The tran will not shift out of first grear pulled the tcm relay and can shift it manual
Determining an IssueWhether the transmission is automatic or manual makes a difference. For example, in a manual Jeep, you might feel resistance when shifting from gear to gear, whereas in an automatic, the tachometer might rev up to 4,000 or 4,500 RPM before shifting. Although these are indicative of the same issue, the way the issue is represented in the vehicle feels totally different. Transmission troubles can be roughly summed up in two ways: either the car won't shift, or it won't shift without resistance. The two most common problems, and often the easiest to diagnose and repair, are issues with the transmission fluid and the filter. Checking for leaks is simple. Determine whether the transmission fluid (which is red) is leaking. The filter base, the drainage hole, near the engine, by the transmission cooler or radiator, and at the selector shaft or speed sensor are virtually the only places the transmission may leak. Replacing the filter if you have not done so also takes the guesswork out of remedying an issue, and can save valuable time and money.
Persistent ProblemsSome problems, like a transmission refusing to shift between gears, or running the Jeep's tachometer to unreasonable highs before doing so, won't be cleared up by a once-over of the filter and fluid delivery systems. When a gear won't engage---or takes too long to engage---and all other systems have been absolved of responsibility, one must look elsewhere. Shifting problems, especially in a manual vehicle, can indicate some serious issues. Difficulty shifting can indicate transaxle issues, especially in higher gears, and often the only solution is a full rebuild of the transaxle (not exactly a DIY job). Repairs to a worn shift lever or shift linkage, commonly associated with such problems, can be attempted at home if you know definitively that these issues are causing the problem.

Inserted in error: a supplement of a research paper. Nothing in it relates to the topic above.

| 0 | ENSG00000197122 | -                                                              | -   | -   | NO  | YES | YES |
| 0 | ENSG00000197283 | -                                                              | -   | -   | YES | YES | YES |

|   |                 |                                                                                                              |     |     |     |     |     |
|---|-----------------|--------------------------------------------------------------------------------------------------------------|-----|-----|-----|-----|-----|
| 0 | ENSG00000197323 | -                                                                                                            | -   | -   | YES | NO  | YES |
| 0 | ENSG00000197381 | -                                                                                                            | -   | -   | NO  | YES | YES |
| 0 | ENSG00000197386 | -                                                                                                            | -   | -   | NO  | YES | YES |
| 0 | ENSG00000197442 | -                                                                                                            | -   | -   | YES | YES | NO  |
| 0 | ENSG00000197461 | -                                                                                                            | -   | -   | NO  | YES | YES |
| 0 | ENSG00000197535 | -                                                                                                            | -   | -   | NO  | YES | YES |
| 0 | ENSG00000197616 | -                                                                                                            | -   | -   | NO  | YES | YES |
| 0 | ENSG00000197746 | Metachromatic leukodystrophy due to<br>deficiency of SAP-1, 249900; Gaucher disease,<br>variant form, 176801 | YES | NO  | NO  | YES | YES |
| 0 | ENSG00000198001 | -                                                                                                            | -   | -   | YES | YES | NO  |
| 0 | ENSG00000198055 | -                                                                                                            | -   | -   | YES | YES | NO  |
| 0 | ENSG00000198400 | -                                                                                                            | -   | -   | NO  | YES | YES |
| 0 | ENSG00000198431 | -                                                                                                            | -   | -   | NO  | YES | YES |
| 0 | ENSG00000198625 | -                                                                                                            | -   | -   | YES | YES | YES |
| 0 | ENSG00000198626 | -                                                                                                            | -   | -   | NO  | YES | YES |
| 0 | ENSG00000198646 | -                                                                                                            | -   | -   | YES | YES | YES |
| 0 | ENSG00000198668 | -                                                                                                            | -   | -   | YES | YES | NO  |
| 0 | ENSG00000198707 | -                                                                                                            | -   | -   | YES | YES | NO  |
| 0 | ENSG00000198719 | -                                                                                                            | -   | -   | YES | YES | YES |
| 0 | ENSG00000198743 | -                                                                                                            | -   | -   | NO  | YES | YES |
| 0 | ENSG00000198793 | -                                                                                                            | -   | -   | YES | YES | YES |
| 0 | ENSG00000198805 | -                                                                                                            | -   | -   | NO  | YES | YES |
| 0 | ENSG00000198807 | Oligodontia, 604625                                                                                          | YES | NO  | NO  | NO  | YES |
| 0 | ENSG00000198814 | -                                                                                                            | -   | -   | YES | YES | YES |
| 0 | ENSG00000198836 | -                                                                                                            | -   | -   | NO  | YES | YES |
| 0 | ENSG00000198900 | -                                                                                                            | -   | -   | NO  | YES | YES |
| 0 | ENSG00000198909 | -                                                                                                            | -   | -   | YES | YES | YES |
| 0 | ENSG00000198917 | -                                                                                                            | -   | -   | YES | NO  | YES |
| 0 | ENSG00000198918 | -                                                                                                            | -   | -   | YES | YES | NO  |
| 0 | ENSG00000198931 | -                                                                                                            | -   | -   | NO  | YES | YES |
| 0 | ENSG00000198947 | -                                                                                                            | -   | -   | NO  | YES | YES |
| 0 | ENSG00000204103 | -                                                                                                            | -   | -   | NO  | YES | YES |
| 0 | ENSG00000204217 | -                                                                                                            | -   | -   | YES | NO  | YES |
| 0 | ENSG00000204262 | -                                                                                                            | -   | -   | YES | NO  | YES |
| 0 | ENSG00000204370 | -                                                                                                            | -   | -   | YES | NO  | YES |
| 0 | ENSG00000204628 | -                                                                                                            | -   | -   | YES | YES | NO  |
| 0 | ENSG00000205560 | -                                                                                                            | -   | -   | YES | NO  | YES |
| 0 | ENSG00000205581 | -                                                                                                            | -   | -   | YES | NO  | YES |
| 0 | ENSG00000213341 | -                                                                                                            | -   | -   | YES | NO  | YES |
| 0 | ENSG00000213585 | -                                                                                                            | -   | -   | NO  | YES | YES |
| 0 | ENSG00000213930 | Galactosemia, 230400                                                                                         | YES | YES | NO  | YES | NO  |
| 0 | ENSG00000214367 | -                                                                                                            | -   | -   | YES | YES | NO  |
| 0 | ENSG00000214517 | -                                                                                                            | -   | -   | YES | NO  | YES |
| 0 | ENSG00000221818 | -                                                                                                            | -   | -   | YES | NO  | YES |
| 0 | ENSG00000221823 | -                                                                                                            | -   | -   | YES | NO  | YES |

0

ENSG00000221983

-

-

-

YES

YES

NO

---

Tansmission RebuildsMost transmission problems are not do-it-yourself fixes. A transmission is a complicated and intricate piece of machinery, with many parts that must all be working in harmony for the Jeep to keep running. If these simple fixes with transmission don't take care of the issue, it is very likely that the car will need to be taken to a licensed Jeep mechanic. For instance, in Jeeps, a complex mechanism called the Throttle Position Sensor (TPS) is often at fault for transmission issues, and repairs to the TPS cannot and should not be attempted at home by an unlicensed professional. TPS issues cannot be remedied by replacing transmission fluid, checking for leaks or replacing the filter---the job is simply too difficult to attempt on one's own. The sad fact about transmissions is that, after a while, they have the tendency to weaken and finally fall apart (if unchecked). Simple troubleshooting along with educating yourself on basic transmission issues is a surefire way to prevent overpaying for repairs; but remember, there's no way around having that transmission rebuilt if there's no alternative.
Aug 15, 2010 |
2003 Jeep Grand Cherokee